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Nick Michalak
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Plain Language Summary

I modeled a separate polling trend for each candidate that accounts for variability in pollster and correlations between polling dates.


Wrangling and Selecting Data

  • I computed date as the median of the start and the end dates for each poll (e.g., median(2019-10-01, 2019-10-03) = 2019-10-02).
  • I excluded head-to-head polls.
  • For a given model, I use the most inclusive population of voters from a survey: "Adults" and "Voters" populations are equally inclusive, and they're more inclusive than "Registered Voters," which is more inclusive than "Likely Voters."


  • I estimated polling prediction trends for each candidate via Generalized Additive Mixed Model.

$\ln(\frac{p}{1 - p}) = b_0 + f_1(\text{Median Date}) + \epsilon$

  • I modeled proportions as an outcome with a binomial function with a logit link. I weighted by sample size, which is equivalent to modeling binary data (i.e., 1 = success, 0 = failure).
  • For each model, I specified random intercepts for pollster (polls nested within pollster) as well as an auto-correlation structure of order 1 with a continuous time covariate (i.e., Continuous AR(1) Correlation).
  • I have not come up with a way to handle tracker polls (i.e., same respondents surveyed over time). So, models treat tracker polls the same as other polls.
  • When states have fewer than 10 polls, I simply fit a logistic regression line per candidate instead of the more complex GAMM fit (averages reflect the estimates from the logistic regression).

Estimates ("Averages") and Confidence Intervals (Uncertainty)

  • I table the most recent fit estimates as "averages." Note that these values are sensitive to the trend and different from simply averaging the most recent polls.
  • For averages based on GAMM fits, the confidence intervals are simultaneous (see the gratia R package documentation).
  • For averages based on fewer than 10 observations, confidence intervals are based on the profile method (see the MASS R package documentation).
  • Period Polling Averages reflect simple averages per candidate since a given polling start date (e.g., average since October 1st, 2019)

Historical Probability of Winning the Nomination

  • I input the fitted polling averages for each candidate from the National Polling Average model (described above) into a logistic regression equation built from regressing nomination success (1 or 0) onto Historical Democratic Primary candidates' polling averages during either the first or second part of the year (January to June or June to December) (I pulled data from this FiveThirtyEight series by Geoffrey Skelley).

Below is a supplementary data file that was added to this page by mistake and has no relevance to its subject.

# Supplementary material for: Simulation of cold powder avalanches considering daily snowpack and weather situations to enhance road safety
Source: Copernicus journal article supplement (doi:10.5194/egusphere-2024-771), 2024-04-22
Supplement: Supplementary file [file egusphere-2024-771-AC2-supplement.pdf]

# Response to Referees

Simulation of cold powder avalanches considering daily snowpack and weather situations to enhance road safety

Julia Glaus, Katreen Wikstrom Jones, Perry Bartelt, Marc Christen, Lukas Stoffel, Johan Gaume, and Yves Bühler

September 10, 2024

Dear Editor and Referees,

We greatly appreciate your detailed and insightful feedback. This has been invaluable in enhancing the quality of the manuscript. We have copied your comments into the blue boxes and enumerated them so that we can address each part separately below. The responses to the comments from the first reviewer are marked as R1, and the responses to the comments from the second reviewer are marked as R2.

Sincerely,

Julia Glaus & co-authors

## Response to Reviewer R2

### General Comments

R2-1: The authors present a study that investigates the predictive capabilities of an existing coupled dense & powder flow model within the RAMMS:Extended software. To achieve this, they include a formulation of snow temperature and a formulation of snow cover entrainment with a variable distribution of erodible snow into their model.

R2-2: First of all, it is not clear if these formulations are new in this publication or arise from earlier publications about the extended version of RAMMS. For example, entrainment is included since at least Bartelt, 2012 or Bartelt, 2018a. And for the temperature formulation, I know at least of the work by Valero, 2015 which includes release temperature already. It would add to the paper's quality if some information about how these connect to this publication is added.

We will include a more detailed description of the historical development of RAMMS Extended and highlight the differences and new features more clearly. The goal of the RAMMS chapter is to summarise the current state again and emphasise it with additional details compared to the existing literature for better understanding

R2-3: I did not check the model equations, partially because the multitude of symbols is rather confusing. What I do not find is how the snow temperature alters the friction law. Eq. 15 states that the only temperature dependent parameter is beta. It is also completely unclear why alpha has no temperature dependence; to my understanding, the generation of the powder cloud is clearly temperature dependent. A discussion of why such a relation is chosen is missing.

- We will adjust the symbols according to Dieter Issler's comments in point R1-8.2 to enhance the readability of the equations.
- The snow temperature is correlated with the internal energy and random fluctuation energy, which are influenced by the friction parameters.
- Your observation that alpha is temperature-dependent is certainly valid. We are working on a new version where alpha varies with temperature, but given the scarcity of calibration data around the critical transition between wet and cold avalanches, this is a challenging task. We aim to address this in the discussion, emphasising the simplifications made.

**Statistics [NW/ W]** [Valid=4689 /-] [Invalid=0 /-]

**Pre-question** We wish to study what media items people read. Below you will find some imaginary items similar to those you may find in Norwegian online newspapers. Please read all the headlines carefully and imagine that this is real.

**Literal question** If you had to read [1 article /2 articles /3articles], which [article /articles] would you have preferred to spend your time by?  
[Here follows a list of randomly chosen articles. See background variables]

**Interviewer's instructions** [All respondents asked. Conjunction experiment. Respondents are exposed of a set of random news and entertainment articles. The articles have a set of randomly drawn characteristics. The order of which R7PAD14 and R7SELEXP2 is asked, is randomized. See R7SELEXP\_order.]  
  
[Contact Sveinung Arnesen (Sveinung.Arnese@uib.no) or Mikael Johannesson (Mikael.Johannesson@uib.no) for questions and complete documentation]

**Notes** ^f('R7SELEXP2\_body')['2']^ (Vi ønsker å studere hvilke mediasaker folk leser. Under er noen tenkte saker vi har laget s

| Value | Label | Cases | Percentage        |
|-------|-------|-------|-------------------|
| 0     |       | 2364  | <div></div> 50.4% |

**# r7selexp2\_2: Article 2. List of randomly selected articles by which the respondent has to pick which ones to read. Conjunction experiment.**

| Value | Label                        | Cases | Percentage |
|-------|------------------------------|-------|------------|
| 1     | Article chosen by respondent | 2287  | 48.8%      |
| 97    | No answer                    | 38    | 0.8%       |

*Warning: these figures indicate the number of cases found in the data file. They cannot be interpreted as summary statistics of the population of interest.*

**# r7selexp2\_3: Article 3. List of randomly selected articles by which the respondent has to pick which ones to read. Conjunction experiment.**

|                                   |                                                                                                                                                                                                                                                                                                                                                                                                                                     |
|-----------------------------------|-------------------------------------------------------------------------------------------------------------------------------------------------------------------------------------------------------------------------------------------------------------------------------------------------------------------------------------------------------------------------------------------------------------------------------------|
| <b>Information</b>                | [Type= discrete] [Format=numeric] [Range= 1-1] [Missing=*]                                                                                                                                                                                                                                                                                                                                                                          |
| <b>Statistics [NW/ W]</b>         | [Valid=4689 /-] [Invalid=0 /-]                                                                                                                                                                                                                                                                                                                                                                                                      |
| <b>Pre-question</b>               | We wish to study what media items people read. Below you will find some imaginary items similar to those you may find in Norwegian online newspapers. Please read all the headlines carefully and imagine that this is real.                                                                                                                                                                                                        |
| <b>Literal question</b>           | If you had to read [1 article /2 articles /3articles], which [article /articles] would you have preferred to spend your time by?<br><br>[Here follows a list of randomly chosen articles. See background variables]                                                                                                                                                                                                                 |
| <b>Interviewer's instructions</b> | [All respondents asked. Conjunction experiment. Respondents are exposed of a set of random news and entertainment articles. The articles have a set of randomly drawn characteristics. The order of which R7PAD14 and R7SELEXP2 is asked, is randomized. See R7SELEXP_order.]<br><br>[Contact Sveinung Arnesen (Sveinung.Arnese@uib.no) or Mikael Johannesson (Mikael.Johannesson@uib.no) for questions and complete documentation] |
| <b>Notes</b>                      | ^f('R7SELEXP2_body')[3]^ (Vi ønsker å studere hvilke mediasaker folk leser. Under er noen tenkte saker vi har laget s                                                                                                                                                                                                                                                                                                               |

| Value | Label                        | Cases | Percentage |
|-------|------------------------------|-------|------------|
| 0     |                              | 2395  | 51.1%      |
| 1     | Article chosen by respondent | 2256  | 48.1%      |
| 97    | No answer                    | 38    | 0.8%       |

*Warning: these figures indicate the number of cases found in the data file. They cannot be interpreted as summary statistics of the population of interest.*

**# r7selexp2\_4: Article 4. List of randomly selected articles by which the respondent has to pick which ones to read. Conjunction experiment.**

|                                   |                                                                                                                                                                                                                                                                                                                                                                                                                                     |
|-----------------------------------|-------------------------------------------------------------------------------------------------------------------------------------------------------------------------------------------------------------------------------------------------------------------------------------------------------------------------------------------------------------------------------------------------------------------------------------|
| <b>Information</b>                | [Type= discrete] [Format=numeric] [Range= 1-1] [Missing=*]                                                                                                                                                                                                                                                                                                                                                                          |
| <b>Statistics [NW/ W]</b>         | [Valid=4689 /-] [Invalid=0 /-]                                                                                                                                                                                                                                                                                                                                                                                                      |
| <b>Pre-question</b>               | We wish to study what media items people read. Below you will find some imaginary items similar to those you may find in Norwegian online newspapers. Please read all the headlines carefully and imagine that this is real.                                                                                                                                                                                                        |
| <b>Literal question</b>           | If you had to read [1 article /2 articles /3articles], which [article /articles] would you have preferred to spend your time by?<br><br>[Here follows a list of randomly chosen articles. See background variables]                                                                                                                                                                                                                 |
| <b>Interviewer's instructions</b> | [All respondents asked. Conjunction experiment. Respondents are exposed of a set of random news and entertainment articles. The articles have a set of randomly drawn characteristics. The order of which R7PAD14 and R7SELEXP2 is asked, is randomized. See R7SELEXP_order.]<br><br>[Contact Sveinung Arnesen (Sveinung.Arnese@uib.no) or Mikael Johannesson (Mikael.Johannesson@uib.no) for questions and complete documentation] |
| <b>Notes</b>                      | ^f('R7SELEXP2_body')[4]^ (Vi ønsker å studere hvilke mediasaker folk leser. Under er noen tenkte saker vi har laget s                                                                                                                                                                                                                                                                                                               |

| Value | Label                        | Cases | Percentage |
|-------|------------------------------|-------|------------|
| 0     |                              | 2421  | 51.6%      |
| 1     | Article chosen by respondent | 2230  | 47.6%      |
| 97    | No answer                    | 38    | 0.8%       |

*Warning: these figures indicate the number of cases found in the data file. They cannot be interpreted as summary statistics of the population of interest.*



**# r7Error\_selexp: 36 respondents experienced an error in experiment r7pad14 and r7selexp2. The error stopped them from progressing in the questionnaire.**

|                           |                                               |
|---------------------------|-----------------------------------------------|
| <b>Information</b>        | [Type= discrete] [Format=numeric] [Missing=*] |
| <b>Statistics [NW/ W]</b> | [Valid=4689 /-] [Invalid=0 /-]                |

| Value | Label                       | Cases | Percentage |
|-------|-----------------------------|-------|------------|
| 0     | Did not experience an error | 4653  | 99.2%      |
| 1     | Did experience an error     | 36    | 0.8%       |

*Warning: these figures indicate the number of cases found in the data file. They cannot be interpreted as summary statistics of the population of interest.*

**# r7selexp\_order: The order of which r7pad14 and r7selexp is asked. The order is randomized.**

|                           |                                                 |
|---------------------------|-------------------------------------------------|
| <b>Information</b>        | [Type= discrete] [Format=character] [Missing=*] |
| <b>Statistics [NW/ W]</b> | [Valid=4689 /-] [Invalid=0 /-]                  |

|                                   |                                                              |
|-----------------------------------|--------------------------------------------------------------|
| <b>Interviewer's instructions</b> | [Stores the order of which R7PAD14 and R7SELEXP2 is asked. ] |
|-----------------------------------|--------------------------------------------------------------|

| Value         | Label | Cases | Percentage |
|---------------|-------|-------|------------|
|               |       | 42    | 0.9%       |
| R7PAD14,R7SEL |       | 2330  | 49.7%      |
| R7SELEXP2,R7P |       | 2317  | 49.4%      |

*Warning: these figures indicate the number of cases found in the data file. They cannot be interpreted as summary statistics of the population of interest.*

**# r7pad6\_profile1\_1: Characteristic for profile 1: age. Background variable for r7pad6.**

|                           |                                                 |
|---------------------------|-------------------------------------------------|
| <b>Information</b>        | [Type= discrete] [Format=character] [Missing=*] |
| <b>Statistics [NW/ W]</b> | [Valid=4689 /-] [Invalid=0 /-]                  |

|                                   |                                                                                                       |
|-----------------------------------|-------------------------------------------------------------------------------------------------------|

$\ln(\frac{p(nominated)}{1 - p(nominated)}) = b_0 + b_1(\text{Polling Average}) + \epsilon$

For example, if a candidate is pulling at 5% in March 2019, then the log odds of their winning the nomination is -3.46 + 8.65(0.05) = -3.02 (i.e., 4.6% = exp(-3.02) / (1 + exp(-3.02))). Their log odds don't improve much if they are polling at 5% in October 2019: -3.36 + 8.28(0.05) = -2.95 (i.e., 5.0% = exp(-2.95) / (1 + exp(-2.95))).

Cautionary Words

This is a work in progress. I made a handful of decisions based on convenience. Here's a list of those:

  • I used k = 10 as a default for the basis for the smooth term for each candidate's trend (see choose.k in the mgcv R package documentation).
  • I used defaults for the autoregressive correlation structure.
  • I did not apply weights based on pollsters' historical accuracy or bias.


  • Wood, S.N. (2011) Fast stable restricted maximum likelihood and marginal likelihood estimation of semi parametric generalized linear models. Journal of the Royal Statistical Society (B) 3(1):3-36
  • Wood S.N., N. Pya and B. Saefken (2016) Smoothing parameter and model selection for general smooth models (with discussion). Journal of the American Statistical Association 111:1548-1575.
  • Wood, S.N. (2004) Stable and efficient multiple smoothing parameter estimation for generalized additive models. Journal of the American Statistical Association. 99:673-686.
  • Wood, S.N. (2017) Generalized Additive Models: An Introduction with R (2nd edition). Chapman and Hall/CRC.
  • Wood, S.N. (2003) Thin-plate regression splines. Journal of the Royal Statistical Society (B) 65(1):95-114.

Other Poll Aggregator 🐊 Sites


U.S. Presidential Democratic Primary Polling






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